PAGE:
Dincton Flatt and the Crime Scene Place

Time for some more nonsense?


 

Is a crimes

 

Dincton Flatt strode handsomely through the quaint French doors of 29 Cherry Grove Street, his robot coyote trotting alongside him.  He adjusted his collar and surveyed the scene, expression insisting on his own importance.

“Heaven’s grace, Flatt!” blurted Abberson Watley, one of his top agents.  “It’s been three hours – where on Earth were you?”

“He felt the need to take a detour for a spot of chair shopping,” Featherby offered.

Flatt raised an eyebrow at his coyote.  “A man must see to the needs of his posterior, you’ll agree.”

“Mr. Flatt, I’m glad you could join us at last,” a familiar voice floated in from another room.

Flatt nodded in greeting as the other approached.  “Constable Billiardsman.  What precisely are we looking at?”  Jeborah Billiardsman was one of the more competent officers he had worked with, but his attire sported a preposterous amount of buttons.

“It’s Detective Inspector, Mr. Flatt, as I’ve told you many times.”  He gestured toward the middle-aged woman who lay motionless in the center of the sitting room.  “Hiddia Ribbenstern, forty-three years of age, found at 10:30 this morning with her body cut off.”

“Her entire body?”  Flatt grimaced, eyes sweeping over the woman’s corpse.

“I’m afraid so.”

Flatt shook his head.  “Savages.”  He knelt over the body.  “Do we have any leads?”

“None yet,” Watley sighed.  “Who would commit such a heinous act in such a well-kept and well-priced little chalet?  To so wantonly devalue it is the real crime, if you ask me.  Have you seen the kitchen?  Real marble tops and new, stainless steel appliances.  Solid maple floors throughout.  And such a short distance from the station.”

These last comments were directed toward Billiardsman, who held up a hand.  “I’m not here to house-hunt, Mr. Watley.  Merely to investigate a murder.”

“Yes.  Yes, of course…”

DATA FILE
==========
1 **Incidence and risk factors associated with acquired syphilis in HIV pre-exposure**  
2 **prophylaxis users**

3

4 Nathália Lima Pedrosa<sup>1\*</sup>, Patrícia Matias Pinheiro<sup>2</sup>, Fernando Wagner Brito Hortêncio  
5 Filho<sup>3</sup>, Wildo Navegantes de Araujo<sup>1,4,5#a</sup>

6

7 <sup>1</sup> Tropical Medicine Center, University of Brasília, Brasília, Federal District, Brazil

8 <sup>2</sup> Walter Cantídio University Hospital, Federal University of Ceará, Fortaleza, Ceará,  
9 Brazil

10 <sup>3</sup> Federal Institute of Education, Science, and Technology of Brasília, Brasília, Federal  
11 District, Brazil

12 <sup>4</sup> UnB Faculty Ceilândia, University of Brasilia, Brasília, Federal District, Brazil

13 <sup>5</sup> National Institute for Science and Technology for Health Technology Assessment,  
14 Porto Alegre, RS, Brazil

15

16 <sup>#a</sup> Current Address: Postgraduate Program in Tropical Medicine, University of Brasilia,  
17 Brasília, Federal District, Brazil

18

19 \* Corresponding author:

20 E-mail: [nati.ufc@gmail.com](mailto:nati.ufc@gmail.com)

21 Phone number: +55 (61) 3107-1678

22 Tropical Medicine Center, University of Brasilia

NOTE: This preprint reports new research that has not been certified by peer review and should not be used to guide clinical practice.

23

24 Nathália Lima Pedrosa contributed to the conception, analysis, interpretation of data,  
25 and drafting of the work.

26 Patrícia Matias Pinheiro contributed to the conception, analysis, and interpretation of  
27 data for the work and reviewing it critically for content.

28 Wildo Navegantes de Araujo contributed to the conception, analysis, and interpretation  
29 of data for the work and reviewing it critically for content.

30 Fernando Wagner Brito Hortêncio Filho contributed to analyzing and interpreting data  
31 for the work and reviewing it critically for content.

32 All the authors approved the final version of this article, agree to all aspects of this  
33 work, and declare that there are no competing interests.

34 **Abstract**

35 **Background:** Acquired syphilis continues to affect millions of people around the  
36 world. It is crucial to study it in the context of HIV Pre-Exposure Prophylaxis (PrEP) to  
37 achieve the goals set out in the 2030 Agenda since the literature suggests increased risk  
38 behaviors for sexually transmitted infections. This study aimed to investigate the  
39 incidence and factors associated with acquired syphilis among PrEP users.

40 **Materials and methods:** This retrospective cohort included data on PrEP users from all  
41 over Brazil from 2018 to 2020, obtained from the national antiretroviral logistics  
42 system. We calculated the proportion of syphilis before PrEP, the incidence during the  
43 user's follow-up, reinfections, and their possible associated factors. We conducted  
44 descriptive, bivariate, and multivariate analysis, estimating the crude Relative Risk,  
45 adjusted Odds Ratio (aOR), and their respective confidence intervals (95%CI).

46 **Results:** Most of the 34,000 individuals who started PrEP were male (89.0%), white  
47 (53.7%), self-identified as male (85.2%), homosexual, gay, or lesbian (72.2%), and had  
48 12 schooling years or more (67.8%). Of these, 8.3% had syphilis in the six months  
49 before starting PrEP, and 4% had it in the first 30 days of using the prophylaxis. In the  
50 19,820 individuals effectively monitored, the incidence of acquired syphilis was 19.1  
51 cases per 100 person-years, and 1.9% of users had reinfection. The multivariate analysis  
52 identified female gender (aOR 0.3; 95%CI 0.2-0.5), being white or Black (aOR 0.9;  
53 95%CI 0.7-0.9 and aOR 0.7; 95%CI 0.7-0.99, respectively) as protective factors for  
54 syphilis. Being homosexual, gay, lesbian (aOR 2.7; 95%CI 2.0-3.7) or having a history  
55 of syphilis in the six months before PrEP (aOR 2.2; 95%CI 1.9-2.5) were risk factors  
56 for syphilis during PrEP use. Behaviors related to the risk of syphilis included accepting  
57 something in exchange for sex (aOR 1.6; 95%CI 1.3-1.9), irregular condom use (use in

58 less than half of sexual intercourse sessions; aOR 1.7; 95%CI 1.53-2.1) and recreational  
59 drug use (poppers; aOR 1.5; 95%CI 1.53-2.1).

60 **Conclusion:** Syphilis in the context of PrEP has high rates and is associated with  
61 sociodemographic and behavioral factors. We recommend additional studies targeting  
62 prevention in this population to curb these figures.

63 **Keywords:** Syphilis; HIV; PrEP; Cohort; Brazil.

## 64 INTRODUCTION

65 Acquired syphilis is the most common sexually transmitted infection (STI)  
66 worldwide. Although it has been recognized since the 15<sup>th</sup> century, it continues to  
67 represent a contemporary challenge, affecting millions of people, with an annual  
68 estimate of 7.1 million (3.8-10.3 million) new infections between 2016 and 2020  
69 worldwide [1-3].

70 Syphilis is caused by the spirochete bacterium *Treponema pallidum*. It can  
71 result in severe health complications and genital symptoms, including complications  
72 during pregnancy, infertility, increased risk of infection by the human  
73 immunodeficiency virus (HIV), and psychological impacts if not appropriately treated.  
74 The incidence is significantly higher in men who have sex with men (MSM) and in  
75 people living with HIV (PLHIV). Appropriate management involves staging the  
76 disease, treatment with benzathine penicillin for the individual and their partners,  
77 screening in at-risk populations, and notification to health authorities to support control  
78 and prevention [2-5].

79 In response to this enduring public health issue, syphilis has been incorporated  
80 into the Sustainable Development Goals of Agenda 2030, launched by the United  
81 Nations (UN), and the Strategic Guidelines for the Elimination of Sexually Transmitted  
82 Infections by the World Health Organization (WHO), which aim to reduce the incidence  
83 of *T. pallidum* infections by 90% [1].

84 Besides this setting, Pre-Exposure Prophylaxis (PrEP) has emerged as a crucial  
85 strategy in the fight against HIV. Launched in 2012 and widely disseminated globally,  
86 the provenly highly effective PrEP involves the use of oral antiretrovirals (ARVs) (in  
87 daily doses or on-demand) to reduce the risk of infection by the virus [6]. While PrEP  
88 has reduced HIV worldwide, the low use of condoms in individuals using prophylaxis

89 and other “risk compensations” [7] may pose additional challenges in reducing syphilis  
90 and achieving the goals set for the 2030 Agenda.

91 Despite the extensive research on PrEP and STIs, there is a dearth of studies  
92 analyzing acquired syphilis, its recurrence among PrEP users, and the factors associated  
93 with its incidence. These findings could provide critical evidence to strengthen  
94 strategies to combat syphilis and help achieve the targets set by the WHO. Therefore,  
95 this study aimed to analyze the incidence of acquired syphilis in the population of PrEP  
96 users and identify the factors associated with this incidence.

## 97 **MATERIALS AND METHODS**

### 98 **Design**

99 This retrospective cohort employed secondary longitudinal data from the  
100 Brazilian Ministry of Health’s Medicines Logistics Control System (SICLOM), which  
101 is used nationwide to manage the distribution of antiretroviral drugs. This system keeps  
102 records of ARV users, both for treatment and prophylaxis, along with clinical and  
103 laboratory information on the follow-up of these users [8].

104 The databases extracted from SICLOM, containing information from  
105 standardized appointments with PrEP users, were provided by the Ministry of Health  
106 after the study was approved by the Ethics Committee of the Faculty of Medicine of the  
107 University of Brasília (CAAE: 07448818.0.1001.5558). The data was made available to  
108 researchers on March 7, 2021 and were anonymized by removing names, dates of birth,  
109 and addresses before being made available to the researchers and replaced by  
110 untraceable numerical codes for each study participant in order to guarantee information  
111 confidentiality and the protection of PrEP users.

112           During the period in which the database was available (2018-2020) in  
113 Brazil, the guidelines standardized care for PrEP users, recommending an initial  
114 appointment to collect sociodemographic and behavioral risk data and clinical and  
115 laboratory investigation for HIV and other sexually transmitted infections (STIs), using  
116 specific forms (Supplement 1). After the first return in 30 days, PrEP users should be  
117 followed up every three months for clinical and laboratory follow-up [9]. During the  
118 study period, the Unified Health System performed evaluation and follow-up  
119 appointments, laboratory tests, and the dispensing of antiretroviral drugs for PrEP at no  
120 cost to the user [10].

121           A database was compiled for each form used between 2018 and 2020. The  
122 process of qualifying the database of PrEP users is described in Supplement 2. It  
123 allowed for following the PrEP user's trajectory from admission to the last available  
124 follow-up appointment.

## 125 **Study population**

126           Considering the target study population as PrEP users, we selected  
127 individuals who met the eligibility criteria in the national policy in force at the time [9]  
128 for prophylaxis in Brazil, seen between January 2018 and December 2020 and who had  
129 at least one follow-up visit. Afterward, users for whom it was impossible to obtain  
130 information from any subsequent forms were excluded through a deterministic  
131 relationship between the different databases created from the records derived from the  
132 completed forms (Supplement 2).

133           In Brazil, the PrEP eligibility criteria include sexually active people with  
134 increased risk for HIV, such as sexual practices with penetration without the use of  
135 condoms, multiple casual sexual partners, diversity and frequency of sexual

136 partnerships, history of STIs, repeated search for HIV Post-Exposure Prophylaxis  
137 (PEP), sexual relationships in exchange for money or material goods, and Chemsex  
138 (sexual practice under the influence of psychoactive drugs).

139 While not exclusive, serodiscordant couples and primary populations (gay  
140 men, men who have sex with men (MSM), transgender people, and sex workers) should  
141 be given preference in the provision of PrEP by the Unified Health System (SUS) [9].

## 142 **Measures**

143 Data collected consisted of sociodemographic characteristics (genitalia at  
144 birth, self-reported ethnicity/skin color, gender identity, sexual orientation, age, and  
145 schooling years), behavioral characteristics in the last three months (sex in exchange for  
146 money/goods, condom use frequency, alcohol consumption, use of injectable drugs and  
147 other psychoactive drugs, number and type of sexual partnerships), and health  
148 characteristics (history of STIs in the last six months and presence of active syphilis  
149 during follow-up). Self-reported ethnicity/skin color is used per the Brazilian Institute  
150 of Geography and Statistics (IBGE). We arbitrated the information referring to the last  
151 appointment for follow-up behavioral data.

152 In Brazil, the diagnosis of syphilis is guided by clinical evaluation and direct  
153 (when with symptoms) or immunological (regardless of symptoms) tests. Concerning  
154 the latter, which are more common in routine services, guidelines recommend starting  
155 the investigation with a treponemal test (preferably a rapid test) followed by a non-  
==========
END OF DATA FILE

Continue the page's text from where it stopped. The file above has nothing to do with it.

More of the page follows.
“And on the topic of said murder: how much do you know about the owners, Mr. Flatt?  Why are they selling?  Any financial difficulties?”

“The Hollyrakers?  I don’t believe so.  She’s expecting, and they purchased a larger property last month.”

“One represented by Flatt’s Flats, of course,” Watley added.

“Naturally.”  Flatt smiled at his reflection in the metal clasps of the deceased’s handbag, running a hand over his short, impossibly blond hair.  “No, I doubt they were involved in this.  Perhaps the culprit was incensed by the victim’s fashion.”  He stood up, gesturing to the bowler that lay askew on the floor, a half meter from the woman’s head.  “That bag with that cap?  No, madame, I fear not.”

“I hardly think–” Billiardsman began.

“Did anyone notice her mobile?” Featherby chimed in.  He had been nosing around the woman’s body, and was fishing the device out from under her frame with a paw.

Watley retrieved the phone and looked through it.  His eyes widened.  “My god!”

Flatt stepped over.  “Watley?”  Watley showed him the screen.  Ms. Ribbenstern had written a note to herself, and Flatt read it aloud for the officer’s sake: “I am not wearing a hat today.”

Billiardsman blinked.  “No hat?  You’re certain?  Then, that means…”

“That our killer must be some–some sort of hatleaver.”  Flatt frowned.  “Watley – call Ms. Franklin and have her cancel my dentist appointment for this afternoon.”

“You do not have a dentist appointment today, sir,” reminded Featherby.

“Ah, yes.  Watley – call Ms. Franklin and have her schedule an appointment with Dr. Clamb for 5:00.”

Watley’s features contorted.  “But, Flatt, we–”

“And then have her cancel it.”

Watley was silent a moment before asking,  “Whyever for?”

“We haven’t the time to indulge in the luxuries of oral hygiene, Watley; we have a murder to solve.”  Flatt turned to Billiardsman, who had scooped up the cap and was turning it over studiously.  “Have that checked for hair and prints, Constable.  Meanwhile, we’ll start looking for anyone who appears to have recently parted ways with a hat.  And committed homicide.”